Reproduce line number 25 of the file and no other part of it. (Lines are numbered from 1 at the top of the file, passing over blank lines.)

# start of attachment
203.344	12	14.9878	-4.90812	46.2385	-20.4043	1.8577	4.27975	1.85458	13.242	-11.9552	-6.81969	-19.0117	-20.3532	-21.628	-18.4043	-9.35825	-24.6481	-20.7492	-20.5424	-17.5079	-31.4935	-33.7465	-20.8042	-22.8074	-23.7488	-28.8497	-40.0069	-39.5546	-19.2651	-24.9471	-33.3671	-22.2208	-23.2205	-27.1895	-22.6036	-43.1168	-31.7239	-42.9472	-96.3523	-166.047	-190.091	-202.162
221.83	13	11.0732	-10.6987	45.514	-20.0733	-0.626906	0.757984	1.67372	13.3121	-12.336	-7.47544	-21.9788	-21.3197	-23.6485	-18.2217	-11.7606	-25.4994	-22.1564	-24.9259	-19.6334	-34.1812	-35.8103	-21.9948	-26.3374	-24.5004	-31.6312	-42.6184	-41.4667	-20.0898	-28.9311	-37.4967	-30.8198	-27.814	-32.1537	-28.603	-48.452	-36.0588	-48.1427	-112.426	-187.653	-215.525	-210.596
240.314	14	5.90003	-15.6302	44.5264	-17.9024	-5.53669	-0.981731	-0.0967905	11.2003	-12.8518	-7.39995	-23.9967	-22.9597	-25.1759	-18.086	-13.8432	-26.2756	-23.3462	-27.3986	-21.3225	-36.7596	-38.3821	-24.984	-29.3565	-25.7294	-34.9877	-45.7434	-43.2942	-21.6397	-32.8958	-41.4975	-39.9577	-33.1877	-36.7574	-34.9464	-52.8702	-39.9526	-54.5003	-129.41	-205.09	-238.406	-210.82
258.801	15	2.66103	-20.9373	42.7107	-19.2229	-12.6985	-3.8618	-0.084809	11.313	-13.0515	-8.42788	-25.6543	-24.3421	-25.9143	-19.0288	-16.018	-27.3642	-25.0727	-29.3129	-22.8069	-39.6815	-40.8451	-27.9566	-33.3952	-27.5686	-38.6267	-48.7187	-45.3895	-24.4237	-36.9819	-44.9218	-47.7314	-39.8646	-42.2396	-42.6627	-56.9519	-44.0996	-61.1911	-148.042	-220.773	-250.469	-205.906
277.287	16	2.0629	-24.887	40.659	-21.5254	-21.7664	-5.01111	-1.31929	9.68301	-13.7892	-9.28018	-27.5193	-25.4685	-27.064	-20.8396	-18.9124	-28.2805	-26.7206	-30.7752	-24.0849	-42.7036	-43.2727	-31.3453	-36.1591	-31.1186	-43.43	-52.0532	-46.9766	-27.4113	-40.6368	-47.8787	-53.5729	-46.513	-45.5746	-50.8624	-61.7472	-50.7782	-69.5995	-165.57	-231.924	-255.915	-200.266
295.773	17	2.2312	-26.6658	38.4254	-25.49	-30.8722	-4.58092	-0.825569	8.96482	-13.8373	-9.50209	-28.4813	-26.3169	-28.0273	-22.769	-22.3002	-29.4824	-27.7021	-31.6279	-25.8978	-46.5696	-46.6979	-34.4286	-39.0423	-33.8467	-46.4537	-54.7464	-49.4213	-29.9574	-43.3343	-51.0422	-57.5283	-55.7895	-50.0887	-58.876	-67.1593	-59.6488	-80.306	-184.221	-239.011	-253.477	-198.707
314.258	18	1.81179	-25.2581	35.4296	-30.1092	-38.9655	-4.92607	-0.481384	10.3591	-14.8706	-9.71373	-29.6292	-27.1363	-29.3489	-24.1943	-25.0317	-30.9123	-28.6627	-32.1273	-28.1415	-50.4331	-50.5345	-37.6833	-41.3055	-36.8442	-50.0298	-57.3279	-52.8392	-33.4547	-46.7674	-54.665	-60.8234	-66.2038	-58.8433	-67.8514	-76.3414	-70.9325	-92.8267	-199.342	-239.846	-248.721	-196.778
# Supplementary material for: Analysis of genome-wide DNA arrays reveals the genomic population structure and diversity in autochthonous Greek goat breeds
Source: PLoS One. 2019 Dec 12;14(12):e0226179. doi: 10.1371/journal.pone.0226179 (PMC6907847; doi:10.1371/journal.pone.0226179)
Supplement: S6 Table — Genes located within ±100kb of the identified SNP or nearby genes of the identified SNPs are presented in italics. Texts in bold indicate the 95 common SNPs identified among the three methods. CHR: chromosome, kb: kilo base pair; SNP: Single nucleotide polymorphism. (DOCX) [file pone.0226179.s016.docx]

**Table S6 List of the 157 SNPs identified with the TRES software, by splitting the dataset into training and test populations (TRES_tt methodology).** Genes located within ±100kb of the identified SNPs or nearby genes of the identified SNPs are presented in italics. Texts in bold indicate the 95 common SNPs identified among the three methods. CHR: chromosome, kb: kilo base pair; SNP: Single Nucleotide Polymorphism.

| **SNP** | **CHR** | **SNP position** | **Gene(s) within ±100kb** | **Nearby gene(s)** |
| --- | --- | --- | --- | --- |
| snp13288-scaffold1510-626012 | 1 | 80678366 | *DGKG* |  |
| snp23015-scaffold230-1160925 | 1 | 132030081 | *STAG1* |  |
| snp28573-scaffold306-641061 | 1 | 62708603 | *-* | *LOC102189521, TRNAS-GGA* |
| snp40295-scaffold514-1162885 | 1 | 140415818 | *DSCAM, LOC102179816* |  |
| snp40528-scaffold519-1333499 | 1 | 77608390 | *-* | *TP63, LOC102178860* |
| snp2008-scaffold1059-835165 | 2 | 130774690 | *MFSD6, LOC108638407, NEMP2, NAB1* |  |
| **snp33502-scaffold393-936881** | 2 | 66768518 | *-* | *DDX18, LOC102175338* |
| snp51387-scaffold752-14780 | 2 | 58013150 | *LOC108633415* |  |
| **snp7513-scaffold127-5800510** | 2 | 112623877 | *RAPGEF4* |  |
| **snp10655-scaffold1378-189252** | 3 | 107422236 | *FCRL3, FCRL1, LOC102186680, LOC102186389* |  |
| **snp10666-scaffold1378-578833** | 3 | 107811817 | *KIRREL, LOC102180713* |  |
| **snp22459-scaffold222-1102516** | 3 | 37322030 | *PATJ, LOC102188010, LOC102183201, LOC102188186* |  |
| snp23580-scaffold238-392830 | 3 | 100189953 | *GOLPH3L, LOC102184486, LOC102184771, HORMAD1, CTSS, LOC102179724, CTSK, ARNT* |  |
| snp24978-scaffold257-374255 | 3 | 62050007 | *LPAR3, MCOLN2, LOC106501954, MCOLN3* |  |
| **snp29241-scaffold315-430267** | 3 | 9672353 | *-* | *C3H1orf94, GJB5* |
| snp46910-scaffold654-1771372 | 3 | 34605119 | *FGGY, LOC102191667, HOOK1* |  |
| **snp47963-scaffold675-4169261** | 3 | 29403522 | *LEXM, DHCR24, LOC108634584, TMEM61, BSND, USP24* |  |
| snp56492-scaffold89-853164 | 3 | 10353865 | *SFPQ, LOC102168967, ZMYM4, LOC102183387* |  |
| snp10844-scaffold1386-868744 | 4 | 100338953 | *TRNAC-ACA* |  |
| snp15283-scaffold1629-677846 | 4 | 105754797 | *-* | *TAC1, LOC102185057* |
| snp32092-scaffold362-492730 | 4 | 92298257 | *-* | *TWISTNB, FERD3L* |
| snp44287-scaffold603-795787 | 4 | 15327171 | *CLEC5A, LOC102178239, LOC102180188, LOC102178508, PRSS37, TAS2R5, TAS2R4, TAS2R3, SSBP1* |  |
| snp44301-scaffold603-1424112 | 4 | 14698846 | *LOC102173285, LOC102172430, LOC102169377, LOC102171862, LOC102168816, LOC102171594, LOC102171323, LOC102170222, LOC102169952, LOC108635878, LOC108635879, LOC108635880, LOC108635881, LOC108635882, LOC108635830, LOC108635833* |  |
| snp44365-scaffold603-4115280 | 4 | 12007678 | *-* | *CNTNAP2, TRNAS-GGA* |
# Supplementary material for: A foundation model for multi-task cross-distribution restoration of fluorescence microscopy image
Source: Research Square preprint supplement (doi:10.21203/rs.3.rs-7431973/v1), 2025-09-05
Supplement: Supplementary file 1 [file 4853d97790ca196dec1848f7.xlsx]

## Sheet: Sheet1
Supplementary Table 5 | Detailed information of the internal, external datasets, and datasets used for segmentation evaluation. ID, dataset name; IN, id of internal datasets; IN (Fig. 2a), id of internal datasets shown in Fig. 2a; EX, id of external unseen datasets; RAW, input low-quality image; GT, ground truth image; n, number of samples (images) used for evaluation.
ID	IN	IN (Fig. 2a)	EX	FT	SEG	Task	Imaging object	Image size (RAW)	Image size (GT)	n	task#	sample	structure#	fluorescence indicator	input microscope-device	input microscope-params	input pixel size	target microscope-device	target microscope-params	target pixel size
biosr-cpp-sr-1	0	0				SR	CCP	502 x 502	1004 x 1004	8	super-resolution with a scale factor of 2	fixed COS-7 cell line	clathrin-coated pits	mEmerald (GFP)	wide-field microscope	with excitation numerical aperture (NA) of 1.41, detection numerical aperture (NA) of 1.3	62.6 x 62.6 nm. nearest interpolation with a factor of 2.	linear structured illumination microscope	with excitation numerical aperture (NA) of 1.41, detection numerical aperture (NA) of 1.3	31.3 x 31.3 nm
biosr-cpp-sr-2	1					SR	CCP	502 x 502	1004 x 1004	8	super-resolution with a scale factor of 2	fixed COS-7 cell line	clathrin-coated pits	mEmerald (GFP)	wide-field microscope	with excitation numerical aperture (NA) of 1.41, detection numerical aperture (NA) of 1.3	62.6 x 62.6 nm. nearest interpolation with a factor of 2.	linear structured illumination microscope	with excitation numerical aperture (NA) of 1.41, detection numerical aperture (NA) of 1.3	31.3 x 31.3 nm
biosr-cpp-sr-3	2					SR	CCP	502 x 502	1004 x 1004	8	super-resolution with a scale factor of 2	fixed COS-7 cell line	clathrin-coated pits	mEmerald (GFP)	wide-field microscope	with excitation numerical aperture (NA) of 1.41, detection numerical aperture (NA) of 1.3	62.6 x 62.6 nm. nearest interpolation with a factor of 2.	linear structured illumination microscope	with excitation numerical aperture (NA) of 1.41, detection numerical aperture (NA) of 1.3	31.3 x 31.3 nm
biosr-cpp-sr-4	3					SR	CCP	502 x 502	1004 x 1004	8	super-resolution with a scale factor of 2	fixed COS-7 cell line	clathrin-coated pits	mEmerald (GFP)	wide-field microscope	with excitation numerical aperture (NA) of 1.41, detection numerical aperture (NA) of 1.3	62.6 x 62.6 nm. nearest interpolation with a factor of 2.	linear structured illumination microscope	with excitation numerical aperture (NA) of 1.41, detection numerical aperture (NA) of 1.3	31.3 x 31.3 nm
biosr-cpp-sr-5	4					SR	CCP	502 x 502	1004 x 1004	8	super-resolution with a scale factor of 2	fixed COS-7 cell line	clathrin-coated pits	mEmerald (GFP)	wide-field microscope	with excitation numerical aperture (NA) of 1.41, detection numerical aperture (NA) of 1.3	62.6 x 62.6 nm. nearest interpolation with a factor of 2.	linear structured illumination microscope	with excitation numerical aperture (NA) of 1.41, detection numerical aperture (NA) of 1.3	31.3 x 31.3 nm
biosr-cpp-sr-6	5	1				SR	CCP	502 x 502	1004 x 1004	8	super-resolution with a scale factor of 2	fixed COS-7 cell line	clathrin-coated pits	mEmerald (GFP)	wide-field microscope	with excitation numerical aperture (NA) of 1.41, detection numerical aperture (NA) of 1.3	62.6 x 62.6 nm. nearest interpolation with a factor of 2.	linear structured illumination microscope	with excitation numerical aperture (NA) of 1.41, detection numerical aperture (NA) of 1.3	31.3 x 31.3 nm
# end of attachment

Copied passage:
| **snp22459-scaffold222-1102516** | 3 | 37322030 | *PATJ, LOC102188010, LOC102183201, LOC102188186* |  |